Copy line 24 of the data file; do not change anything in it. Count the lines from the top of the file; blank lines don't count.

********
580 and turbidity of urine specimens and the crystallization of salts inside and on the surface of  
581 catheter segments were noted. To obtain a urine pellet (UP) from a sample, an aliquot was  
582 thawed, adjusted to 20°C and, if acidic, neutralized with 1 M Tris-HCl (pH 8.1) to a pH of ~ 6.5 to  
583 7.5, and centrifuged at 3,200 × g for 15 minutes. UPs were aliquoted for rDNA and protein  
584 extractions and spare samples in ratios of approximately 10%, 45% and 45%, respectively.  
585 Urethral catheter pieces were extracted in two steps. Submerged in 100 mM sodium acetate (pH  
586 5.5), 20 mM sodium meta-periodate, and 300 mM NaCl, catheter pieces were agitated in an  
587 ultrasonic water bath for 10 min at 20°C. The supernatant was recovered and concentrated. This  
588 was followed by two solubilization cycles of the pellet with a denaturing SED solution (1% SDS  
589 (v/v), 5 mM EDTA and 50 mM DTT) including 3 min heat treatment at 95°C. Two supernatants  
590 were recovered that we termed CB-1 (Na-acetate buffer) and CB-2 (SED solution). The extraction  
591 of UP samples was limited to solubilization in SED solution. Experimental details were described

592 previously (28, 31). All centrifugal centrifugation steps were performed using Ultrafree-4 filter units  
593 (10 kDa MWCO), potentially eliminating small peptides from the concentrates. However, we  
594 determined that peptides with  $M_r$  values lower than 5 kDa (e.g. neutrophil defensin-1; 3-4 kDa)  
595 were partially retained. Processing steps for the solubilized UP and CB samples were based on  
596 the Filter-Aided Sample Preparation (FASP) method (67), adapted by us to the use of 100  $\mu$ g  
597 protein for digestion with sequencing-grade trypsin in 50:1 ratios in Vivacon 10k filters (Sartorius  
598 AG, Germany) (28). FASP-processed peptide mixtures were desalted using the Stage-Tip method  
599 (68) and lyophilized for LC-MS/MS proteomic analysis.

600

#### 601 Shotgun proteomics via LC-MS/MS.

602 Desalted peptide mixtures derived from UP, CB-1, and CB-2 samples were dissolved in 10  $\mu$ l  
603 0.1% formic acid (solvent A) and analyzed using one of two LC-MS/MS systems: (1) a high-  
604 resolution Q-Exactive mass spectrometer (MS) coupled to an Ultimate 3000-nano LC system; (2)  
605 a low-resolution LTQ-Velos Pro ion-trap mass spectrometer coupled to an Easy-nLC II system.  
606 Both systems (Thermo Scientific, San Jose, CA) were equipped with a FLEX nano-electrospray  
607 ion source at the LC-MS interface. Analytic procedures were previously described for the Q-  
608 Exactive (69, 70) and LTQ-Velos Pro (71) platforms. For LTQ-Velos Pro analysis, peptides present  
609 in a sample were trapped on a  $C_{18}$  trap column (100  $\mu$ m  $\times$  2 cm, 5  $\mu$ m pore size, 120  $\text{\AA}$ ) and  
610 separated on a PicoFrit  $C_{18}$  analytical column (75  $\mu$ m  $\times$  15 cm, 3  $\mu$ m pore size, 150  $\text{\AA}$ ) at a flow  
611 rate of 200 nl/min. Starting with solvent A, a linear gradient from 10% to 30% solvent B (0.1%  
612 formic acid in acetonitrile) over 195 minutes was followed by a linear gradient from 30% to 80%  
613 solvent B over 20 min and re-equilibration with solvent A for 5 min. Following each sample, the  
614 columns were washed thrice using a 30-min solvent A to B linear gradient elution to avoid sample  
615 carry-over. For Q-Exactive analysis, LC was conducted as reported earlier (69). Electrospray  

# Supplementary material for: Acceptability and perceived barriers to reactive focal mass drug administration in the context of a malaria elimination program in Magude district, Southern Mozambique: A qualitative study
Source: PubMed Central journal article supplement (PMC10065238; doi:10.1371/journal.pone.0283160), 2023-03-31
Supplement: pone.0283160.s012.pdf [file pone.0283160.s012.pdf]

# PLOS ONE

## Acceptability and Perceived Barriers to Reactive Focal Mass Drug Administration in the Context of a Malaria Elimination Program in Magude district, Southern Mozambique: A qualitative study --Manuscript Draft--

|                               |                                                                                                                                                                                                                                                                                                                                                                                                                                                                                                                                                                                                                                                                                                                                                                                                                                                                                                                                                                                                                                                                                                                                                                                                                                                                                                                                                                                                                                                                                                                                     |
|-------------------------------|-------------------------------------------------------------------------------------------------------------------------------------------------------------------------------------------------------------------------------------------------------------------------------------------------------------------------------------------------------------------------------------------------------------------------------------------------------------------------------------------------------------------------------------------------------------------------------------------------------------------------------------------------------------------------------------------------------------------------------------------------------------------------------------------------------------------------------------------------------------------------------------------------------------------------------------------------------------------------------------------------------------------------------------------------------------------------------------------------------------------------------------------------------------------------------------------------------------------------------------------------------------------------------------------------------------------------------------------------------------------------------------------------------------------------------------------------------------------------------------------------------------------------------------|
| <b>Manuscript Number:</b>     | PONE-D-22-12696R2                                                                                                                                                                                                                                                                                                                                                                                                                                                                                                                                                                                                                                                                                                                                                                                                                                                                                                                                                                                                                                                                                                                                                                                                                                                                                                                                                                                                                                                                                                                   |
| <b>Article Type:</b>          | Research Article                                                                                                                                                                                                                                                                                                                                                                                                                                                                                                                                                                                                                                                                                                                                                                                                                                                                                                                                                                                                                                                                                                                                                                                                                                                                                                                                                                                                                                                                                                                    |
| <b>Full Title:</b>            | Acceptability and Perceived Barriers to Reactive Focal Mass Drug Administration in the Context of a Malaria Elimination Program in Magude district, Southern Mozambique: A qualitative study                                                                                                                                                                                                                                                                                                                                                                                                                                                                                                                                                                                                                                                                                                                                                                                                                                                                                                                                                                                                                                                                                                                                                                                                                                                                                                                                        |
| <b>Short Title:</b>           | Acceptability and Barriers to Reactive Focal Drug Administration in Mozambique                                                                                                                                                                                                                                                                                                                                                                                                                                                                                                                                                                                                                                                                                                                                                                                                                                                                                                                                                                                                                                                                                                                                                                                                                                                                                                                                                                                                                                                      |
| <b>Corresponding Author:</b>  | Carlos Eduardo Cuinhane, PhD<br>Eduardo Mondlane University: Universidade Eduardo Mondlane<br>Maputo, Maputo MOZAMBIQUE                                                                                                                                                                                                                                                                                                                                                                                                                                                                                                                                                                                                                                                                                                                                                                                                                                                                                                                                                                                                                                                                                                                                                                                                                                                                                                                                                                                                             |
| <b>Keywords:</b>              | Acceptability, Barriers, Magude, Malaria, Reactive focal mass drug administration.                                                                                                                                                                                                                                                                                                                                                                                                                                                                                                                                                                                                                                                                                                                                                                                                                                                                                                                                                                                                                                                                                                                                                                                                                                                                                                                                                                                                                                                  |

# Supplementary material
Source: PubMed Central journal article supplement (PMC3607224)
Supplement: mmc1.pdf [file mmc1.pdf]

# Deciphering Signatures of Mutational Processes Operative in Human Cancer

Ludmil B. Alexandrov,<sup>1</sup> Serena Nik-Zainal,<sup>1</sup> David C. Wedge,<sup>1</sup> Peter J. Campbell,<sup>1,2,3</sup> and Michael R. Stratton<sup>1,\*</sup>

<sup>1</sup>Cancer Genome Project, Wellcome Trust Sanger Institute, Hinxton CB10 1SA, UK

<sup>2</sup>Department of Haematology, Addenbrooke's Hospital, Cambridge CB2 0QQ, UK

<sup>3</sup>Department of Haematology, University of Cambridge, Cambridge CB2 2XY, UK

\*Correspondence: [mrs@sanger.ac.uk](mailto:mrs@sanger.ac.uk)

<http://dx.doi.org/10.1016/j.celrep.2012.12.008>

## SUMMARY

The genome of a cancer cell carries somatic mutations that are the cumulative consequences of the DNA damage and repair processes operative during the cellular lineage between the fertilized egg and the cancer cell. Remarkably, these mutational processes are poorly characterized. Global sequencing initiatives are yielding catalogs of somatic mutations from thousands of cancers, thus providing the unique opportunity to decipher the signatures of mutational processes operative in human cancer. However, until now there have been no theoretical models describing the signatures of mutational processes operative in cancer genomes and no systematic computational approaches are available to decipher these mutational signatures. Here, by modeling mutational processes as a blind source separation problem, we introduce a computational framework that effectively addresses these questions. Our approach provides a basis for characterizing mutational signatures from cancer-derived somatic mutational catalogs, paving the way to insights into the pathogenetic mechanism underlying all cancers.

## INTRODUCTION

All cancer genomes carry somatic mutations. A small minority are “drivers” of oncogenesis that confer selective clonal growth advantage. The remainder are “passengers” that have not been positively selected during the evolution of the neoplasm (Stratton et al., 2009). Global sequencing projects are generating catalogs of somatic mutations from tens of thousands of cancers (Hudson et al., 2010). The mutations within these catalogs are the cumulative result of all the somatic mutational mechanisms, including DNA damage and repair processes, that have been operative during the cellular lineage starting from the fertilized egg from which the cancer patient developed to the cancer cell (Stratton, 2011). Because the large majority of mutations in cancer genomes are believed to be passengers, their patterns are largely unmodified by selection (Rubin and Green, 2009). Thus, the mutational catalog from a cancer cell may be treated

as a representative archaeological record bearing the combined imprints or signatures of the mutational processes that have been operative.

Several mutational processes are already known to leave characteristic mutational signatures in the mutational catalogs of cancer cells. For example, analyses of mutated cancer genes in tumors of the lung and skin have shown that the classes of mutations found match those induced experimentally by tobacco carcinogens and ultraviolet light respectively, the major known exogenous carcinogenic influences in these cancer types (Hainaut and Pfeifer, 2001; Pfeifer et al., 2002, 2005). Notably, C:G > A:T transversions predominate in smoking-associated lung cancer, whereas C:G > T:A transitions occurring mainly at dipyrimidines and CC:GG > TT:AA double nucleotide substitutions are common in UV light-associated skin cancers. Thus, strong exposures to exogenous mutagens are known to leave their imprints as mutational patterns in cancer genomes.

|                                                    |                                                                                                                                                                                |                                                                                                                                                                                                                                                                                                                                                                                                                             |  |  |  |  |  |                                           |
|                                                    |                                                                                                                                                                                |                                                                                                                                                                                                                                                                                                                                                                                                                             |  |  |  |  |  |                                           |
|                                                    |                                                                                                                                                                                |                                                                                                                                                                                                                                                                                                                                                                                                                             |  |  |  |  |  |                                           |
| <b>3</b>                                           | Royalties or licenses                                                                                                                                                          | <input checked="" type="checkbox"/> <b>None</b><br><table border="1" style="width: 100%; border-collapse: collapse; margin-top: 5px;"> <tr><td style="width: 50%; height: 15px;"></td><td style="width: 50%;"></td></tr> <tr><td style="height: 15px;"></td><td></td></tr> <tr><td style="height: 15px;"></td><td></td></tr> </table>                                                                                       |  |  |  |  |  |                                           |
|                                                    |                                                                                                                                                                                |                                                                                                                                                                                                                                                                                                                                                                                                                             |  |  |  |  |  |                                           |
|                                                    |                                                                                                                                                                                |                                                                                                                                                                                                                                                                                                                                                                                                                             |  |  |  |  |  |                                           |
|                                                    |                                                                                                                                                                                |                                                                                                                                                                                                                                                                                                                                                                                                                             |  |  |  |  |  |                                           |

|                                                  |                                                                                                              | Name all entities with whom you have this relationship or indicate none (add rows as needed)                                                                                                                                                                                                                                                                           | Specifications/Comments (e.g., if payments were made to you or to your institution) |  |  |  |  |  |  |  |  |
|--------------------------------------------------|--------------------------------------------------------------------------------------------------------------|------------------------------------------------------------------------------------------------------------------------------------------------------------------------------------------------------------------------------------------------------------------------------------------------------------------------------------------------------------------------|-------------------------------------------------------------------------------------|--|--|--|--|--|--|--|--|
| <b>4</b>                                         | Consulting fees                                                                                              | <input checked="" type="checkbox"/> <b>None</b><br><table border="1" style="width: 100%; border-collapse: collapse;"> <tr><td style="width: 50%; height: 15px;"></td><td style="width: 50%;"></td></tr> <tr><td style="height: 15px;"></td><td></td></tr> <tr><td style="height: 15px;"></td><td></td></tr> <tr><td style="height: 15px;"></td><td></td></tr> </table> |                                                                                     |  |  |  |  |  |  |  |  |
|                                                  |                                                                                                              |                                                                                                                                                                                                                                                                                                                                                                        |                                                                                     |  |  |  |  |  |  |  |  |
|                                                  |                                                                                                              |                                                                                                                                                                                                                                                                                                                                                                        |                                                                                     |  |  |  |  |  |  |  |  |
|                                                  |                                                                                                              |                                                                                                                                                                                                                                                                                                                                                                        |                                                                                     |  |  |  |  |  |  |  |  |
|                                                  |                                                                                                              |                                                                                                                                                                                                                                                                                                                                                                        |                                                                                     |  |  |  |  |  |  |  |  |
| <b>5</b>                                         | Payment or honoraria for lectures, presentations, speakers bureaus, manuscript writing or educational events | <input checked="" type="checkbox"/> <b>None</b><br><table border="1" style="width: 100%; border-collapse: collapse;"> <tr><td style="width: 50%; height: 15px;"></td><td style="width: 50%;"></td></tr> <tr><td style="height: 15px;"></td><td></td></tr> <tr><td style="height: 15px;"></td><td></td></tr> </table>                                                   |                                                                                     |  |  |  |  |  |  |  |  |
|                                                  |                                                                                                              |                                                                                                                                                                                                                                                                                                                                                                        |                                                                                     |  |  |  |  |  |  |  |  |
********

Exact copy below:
603 0.1% formic acid (solvent A) and analyzed using one of two LC-MS/MS systems: (1) a high-  